The thing that connects the “ghost pictures” discussed in the book with these pastels is the deep and profound way in which both artists see and feel the world around them and their willingness to see beyond the borders of this visible, material world, and the ability to transcend it with the help of their imagination and come back with art that is woven with mystique and secrets. A ghost picture needn’t always be a portrayal of someone departed, it is more about the ghostly quality in a portrait; a face which appears ethereal and slightly eerie to our human eyes, a face which brings inside us the feeling of transience and the fragility of life, a face which fills us with an inexplicable melancholy and reminds us of the mysteries of the spiritual world, and ultimately, a face which haunts us, shakes us and stirs something inside us which we cannot rationally explain. Ghostly faces on John Corbet’s pastels, whether it’s the melancholy monk or the spooky girl holding flowers above, or the lavender-haired lady and the sad-eyed messy haired girl bellow, all awake these feelings inside me when I look at them.

Pastel Ghost No 2: Mama

I love the way these pastels seem to have been drawn, in a spontaneous and intuitive way, as if led by an invisible hand – a ghostly hand. My initial impression isn’t so far from the truth and the way Corbet actually created these pastels; in semi darkness, near a dim candle, in a kind of trance; letting his soul guide his hand and his pastel, not the eyes alone. I also love the dreamy softness of these faces, especially on the pastel called “Mama”. It makes the face seem as if it is seen through a veil, a flimsy curtain, or a foggy window on an autumn twilight. These languid ghostly creatures seem as if they are slowly passing through our world, unnoticed by most and captured in art by those with sharper senses. These were my impressions of these ghostly portraits, but I suggest you check out the artist’s short and lyrical posts written in a form of letters to Edgar Allan Poe which further explore the personal meaning and inspiration behind these artworks. I am sure Mr Poe himself would love these portraits and would recognise their mysterious quality, he did after all discuss one painting and the artist’s quest for perfection in his short story “The Oval Portrait”. Here is an excerpt from the post about the pastel “The Monk”, you can read the whole post here:

As you so wisely suggested, I took my box of pastels and a few sheets of paper and visited the graveyard. I sat there for sometime from twilight to midnight, but nothing appeared. I was tired so finally I decided to go back. (…) As I quickened my pace I saw a figure in a black coat, walking towards me on the other side of the bridge. It was a fine coat he wore, he was no beggar, yet his face seemed like an old tree beaten by years and years of storms. As he passed by me he did not look at me, but I saw his eyes, and in them was the poetic wisdom of sorrow and loss. He was either a monk, or a poet. I turned to watch him leave, and once he crossed the bridge the rain stopped as suddenly as it had begun, and like magic the fog cleared and the wind calmed – and he was gone.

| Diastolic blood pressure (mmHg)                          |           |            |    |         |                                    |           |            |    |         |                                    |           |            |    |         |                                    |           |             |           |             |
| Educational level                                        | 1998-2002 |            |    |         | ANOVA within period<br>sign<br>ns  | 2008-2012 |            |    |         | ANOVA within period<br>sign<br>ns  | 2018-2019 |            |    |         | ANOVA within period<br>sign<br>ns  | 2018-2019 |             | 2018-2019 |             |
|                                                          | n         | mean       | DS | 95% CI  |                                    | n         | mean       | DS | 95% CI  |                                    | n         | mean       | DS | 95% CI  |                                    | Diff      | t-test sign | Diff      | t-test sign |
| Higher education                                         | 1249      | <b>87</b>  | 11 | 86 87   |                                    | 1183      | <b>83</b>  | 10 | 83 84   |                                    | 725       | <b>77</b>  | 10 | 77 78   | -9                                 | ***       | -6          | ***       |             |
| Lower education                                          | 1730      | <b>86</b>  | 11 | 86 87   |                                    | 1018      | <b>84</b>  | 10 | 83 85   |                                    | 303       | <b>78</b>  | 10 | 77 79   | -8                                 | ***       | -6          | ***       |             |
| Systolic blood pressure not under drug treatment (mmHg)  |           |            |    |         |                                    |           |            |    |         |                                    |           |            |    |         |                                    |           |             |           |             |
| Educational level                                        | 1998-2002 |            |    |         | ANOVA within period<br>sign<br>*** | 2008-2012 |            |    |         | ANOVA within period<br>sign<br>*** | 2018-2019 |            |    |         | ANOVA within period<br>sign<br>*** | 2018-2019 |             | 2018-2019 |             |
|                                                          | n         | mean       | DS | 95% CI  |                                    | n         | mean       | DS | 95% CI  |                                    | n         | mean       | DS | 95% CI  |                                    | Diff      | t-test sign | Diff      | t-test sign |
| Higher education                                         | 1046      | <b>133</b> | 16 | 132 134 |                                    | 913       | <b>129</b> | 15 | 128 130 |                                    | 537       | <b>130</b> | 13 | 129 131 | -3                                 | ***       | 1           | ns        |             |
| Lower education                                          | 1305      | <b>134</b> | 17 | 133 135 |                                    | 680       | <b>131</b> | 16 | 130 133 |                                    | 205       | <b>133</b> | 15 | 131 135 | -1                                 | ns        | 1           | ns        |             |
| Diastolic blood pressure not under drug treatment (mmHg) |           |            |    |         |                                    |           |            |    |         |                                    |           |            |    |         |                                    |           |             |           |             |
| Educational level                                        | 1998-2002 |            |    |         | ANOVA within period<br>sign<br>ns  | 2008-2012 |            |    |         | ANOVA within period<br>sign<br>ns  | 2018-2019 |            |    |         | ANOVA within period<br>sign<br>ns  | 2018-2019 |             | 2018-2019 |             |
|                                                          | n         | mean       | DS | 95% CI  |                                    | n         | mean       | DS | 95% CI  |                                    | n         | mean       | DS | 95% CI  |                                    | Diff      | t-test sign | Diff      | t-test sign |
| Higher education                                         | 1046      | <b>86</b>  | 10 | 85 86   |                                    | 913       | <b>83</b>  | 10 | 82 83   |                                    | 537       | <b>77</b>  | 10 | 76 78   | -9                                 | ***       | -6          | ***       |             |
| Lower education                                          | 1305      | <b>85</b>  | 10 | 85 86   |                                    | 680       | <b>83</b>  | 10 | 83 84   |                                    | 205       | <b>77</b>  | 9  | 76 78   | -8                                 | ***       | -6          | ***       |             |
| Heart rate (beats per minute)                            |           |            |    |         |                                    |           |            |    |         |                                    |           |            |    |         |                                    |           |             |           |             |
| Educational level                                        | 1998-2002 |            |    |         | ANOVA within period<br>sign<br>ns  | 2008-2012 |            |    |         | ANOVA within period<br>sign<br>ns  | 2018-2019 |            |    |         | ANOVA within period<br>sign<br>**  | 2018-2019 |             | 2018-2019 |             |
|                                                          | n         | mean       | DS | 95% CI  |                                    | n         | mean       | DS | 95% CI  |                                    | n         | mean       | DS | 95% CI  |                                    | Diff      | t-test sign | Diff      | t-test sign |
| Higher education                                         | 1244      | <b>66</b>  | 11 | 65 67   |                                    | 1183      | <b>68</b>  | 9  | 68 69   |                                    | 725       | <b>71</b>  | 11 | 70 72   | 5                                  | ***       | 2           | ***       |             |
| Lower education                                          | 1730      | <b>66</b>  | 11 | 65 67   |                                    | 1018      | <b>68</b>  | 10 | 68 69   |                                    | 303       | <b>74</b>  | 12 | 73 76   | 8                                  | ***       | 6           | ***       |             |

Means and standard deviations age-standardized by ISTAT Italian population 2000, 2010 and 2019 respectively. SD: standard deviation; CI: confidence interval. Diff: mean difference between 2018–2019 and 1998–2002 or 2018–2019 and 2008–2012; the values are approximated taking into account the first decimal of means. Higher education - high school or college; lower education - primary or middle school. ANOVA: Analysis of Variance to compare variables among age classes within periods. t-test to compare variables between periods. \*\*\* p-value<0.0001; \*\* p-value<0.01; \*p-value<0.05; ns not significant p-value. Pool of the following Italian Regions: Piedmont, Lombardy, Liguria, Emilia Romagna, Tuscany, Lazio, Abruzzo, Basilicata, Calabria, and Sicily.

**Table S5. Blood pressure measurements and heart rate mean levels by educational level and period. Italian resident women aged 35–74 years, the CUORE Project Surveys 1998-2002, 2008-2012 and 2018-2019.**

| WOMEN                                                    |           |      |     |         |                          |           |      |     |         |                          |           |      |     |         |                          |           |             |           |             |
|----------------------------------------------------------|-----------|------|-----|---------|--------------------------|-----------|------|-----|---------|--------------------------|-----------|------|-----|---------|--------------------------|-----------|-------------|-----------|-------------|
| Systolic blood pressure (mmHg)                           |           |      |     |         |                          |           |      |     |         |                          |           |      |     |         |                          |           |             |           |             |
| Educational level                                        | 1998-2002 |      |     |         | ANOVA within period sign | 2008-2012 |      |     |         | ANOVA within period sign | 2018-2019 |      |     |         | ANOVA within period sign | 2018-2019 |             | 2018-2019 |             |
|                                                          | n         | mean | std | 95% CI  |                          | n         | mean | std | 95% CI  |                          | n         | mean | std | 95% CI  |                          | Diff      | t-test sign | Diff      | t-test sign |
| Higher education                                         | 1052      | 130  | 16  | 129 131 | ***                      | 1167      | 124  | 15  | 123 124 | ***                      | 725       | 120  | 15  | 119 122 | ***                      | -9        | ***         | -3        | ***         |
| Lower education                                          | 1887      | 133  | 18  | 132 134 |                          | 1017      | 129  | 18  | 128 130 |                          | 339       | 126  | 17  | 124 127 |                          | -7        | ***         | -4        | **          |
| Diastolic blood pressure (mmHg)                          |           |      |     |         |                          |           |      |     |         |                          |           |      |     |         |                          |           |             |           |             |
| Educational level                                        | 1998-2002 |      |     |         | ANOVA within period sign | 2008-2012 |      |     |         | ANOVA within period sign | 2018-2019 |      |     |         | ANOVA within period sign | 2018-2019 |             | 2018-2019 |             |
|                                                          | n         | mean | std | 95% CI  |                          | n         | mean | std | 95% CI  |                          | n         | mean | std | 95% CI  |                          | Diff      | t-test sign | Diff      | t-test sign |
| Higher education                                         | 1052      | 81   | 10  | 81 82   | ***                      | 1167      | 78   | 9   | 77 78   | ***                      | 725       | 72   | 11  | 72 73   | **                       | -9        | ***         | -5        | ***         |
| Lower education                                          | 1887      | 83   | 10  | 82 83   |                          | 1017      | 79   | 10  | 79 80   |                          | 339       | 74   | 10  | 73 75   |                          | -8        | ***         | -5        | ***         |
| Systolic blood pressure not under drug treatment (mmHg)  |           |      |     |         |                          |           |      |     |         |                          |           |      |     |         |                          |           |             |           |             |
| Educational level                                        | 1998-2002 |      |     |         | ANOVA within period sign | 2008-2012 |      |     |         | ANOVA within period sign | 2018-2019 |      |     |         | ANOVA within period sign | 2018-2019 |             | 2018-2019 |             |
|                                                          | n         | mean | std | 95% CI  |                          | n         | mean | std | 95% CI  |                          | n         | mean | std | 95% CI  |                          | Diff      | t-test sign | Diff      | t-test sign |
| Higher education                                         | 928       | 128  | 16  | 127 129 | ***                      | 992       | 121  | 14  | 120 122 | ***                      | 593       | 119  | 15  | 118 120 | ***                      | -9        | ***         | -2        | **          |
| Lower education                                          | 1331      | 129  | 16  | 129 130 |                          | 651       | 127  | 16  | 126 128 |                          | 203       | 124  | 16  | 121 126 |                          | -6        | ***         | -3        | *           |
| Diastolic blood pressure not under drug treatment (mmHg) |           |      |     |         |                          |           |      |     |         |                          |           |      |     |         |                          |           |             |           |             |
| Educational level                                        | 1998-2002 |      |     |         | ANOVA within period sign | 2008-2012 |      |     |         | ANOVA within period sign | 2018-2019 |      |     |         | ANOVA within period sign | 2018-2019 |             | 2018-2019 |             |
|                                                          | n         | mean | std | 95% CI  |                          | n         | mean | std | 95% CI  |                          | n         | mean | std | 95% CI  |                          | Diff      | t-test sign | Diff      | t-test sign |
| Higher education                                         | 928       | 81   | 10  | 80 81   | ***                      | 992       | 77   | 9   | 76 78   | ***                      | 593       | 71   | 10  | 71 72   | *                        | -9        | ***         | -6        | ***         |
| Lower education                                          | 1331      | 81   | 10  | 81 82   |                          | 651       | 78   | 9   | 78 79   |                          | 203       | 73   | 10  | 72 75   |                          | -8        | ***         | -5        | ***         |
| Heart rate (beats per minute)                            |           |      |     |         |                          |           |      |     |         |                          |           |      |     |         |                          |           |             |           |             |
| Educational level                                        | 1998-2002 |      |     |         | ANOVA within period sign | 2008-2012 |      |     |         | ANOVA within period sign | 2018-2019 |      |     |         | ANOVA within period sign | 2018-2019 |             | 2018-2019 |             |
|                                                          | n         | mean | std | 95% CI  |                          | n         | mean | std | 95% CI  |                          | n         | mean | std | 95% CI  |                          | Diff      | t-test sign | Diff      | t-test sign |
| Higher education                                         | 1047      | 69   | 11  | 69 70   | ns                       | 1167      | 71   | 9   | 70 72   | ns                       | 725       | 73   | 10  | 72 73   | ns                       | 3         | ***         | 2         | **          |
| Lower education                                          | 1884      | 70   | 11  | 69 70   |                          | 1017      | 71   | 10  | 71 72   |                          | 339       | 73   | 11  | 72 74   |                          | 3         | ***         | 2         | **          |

As soon as I got home I opened my box of pastels and got to work on drawing the ghostly apparition and the wind and rain which pursued him. For the first time, it was like the pastels took on a life of their own, as though my hand were guided by a spirit – could it have been, Mr. Poe, the spirit of the monk? It was dark for I had but one candle lit, therefore I could just barely see what I was doing; the painting seemed to paint itself. The experience brought me such peace within, as though I were bringing consolation to the sorrow within his eyes. This, in turn, brought consolation to me.

I especially like this line: the painting seemed to paint itself.

Conté crayon ghostly portrait

James Abbott McNeill Whistler – Harmony in Grey and Green

6 Feb

“A fallen blossom
Returning to the branch?
It was a butterfly.”

(Moritake)

James Abbott McNeill Whistler, Harmony in Grey and Green: Miss Cicely Alexander, 1872-1874

Whistler painted quite a few ladies in white gowns, but those ladies usually have a look of melancholy or wistfulness on their gentle faces. The little girl appears to be showing off her clothes, her white stockings, her black satin slippers, her hat with a large feather, all the way to her dazzlingly white muslin gown, but as our gaze slowly moves up, we see a pale face with pouting lips and a distant gaze that doesn’t speak of joy or rapture. This little girl however looks rather moody, hiding her anger because she isn’t allowed to express it. But how can someone dressed in such a pretty gown be so moody? How can someone posing for an artist not have cheeks blushing from thrill and rapture? This dolly isn’t a typical melancholy muse as Joanna Hiffernan was; Whistler’s lover and companion who posed for his Symphony in White no 2 and some other paintings. This little girl is Miss Cicely Alexander, a daughter of a banker that Whistler met because of their mutual interest in Oriental art, and she was eight years old when this unfortunate sitting took place. More than one sitting naturally. It took the pedantic Whistler more than seventy sittings to paint everything just as he had envisioned it. He didn’t seem to take Miss Cicely’s feelings into consideration and despite the lyrical beauty of the portrait, it didn’t remain in good memory for the little girl. This is what she had to say about the sittings: “I’m afraid I rather considered that I was a victim all through the sittings, or rather standings, for he never let me change my position, and I believe I sometimes used to stand for hours at a time. I know I used to get very tired and cross, and often finished the day in tears.